Musings of a Lockdown: Productivity in ‘Unprecedented Times’


Written by Maha Ashraf. Edited by Ehsas Kakkar and Nicole Guan.

Artwork by Blossom Neo.

It was a school night on an insignificant March day when we received the email: ‘Due to the new coronavirus pandemic, your child will have two weeks off of school to quarantine.’ Instantaneously, my heart soared. The final year of school is never easy: each day brought more due dates, stress, and the relentless anxiety of performance. I was ecstatic, to say the least, to be at home and to finally, finally, have the time to recharge and lift the weight of expectation off my shoulders. I was adamant that I’d have a fresh start when I came back. But more importantly, I was excited to be able to relax and temporarily remove myself from an environment that I had believed was toxic. 

Needless to say, that’s not how it went. 

Discovering My Own Order


Written by Amy Kim. Edited by Lasya Ramakrishnan and Ehsas Kakkar.

Artwork by Thanh Le.

Trigger Warning: Eating Disorders

As Chloe Ting workouts were sweeping the nation in March, I was sweeping out my refrigerator instead. In the first few weeks of quarantine, even Google Classroom notifications couldn’t persuade me to abdicate my throne in front of the fridge. After all, my finger-licking subjects were patiently awaiting my arrival into their fluorescent light-washed kingdom. 



Written by Aniket Duggal. Edited by Eden Gringart and Rachelle Kasilag.

Artwork by Thanh Le.

Crowds of people came together, protesting the government mandates. Thousands of signs demanded immediate reform and challenged authority, almost deafening in its intensity. The air was thick with spit, sweat and tears. I was helplessly dragged by the crowd and could only pathetically stare down at the sign my parents had shoved into my hand before joining the protest—NO MASK MANDATES!

The Difference In Days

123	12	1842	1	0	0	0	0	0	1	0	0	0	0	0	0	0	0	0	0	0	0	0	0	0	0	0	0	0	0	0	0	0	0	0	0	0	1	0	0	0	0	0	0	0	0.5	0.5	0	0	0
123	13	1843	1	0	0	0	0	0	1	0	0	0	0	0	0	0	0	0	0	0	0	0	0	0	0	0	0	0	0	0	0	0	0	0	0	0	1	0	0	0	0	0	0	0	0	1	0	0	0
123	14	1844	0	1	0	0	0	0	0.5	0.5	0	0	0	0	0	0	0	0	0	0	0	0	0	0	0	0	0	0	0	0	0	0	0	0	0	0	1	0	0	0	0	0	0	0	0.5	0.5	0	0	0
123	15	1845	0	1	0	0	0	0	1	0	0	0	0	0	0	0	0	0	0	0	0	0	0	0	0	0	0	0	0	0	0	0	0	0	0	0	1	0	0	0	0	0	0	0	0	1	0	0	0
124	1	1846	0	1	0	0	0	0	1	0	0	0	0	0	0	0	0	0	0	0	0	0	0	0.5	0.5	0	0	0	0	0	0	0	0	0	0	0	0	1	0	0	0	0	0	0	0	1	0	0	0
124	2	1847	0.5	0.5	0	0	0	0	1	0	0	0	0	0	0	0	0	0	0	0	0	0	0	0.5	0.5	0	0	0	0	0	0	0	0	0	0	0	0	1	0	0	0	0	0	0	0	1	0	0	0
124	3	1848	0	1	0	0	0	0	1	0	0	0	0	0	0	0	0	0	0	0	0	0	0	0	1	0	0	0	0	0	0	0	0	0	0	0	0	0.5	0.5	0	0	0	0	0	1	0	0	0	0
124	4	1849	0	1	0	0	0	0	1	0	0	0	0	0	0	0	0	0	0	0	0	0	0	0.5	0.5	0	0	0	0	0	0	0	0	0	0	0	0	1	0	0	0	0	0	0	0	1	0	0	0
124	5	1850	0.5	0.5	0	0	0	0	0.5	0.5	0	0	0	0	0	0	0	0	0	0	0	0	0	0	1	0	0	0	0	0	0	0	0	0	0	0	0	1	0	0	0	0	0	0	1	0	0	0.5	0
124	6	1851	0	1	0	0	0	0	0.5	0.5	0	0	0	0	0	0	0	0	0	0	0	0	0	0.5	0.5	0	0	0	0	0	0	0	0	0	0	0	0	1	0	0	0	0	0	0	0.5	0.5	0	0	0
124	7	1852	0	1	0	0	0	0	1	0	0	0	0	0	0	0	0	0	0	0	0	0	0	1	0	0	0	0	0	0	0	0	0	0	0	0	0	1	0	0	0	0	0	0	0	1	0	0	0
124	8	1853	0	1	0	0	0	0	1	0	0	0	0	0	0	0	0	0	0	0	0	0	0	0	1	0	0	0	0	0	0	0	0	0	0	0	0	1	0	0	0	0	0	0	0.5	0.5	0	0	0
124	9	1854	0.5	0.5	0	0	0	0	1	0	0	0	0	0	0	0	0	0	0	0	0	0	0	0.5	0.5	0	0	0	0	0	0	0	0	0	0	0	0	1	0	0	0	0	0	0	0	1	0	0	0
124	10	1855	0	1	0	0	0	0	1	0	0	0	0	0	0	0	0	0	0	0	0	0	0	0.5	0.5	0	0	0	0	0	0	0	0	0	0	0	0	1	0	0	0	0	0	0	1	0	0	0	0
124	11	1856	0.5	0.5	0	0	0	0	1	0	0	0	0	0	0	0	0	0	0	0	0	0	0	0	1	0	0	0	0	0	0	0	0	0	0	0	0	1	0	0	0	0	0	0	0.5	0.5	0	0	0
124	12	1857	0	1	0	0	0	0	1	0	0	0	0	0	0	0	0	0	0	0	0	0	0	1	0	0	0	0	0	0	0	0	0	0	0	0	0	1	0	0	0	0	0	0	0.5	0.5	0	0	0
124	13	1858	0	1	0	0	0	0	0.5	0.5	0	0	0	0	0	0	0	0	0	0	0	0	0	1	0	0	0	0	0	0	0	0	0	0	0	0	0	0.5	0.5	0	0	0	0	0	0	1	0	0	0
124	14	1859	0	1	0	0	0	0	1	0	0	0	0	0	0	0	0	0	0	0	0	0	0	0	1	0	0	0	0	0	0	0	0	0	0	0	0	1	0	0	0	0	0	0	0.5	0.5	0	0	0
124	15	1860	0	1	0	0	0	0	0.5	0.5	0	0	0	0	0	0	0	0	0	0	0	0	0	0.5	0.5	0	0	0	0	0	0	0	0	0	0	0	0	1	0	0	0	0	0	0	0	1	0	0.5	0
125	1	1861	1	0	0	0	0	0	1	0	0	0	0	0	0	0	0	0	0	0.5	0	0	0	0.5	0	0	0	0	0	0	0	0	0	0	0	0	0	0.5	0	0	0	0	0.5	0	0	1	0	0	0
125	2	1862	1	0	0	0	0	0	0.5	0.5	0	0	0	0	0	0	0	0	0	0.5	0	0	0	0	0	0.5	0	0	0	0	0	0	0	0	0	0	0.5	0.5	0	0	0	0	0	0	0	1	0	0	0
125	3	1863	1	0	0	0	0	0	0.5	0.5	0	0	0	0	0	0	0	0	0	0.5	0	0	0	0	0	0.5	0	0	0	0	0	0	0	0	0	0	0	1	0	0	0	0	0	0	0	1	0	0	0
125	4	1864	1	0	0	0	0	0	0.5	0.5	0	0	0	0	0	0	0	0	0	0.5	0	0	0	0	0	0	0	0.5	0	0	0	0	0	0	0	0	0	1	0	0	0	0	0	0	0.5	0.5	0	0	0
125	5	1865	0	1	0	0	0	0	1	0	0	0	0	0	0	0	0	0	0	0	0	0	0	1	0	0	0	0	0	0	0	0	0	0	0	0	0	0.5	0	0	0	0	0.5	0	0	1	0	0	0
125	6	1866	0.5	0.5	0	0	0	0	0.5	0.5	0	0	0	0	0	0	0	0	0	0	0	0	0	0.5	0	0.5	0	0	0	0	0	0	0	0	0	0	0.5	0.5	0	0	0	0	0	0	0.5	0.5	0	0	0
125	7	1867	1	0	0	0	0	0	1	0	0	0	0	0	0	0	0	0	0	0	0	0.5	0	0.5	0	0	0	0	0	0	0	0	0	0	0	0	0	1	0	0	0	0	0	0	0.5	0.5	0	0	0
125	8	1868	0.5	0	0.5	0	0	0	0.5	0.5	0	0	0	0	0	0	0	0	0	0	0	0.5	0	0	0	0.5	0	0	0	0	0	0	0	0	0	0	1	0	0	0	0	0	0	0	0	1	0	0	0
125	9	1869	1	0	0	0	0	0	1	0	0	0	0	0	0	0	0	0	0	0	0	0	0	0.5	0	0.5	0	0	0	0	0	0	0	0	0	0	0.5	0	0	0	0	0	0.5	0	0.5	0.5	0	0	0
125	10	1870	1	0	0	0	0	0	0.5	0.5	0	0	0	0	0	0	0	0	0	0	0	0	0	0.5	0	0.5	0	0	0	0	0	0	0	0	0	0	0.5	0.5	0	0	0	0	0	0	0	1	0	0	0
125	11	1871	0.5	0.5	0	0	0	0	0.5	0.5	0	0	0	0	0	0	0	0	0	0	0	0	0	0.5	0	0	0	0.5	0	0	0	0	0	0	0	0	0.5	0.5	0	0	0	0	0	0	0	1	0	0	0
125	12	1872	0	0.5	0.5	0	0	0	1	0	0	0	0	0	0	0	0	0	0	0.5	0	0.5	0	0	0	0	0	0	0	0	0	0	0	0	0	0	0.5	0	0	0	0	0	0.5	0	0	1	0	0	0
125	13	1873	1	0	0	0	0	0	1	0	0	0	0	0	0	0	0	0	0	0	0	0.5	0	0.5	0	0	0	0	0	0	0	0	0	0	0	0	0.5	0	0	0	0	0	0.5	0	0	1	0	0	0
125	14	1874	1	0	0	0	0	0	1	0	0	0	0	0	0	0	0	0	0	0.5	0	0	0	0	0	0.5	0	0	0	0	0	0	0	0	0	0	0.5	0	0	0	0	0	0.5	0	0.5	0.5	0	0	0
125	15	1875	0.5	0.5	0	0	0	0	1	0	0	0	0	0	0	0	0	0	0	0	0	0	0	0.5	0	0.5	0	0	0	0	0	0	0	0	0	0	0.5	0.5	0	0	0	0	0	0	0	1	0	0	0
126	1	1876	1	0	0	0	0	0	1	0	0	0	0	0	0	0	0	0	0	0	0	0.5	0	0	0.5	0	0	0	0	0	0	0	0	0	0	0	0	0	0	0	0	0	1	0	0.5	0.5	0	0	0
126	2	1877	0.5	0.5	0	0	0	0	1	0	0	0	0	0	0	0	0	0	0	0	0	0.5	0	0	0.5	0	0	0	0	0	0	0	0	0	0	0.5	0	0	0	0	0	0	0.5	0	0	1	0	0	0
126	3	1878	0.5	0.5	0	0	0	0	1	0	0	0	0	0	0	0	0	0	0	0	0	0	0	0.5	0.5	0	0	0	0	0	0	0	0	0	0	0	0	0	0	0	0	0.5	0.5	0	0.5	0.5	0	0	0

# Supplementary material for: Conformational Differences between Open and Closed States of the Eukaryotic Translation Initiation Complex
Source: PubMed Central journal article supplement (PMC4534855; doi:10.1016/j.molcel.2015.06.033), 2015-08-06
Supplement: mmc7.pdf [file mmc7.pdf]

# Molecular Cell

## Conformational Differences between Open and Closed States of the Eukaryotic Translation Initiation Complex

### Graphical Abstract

Written by Miriam Samuel. Edited by Shreya Saha and Lasya Ramakrishnan.

Artwork by Lily Lee.

One day, I woke up. 

I stared at the ceiling and listened to the noise from the streets below– the rush of cars, the occasional honk, the slight pitter-patter of rain on my window. It was time to get out of bed, get clean, and start the day. 

It was time to go to work. I didn’t bother to look outside the window; I knew exactly what it looked like. Drab and grey. Slow and dark. Monotonous and heavy. 

The Trolley


Written by Sindhuja Darisipudi. Edited by Tanae Rao and Shreya Saha.

Artwork by Aerielle Ong.

October 10th, 2019, 1:40 PM: I shuffled my way into my school’s Theory of Knowledge (TOK) classroom, where my classmates and I were met with that day’s activity: working our way through variations of “The Trolley Problem”. The Trolley Problem, developed by Philippa Foot, highlights one of the most pressing ethical conflicts: utilitarianism versus deontological ethics. In its simplest and most popular form, The Trolley Problem can be summarised as follows:

This is A Call-Out Post


Written by Lindsay Moffatt. Edited by William Arent and Amelia Zawadzka.

Artwork by Coleen Nunag.

As a society, we often assume that pollution only became an issue post-industrial revolution which was in the late 18th century, but that is not the case. An example of even earlier anti-pollution regulations is King Edward I of England’s attempt to ban the burning of sea-coal in the 13th century (, 2020). In today’s climate, both literal and political, the most relevant forms of pollution are carbon emissions and ocean plastic, since they have the most devastating effects on the environment and are generally the most obvious. However, the world is not equally contributing to these issues, some countries are polluting much more than others.  This is a call-out post.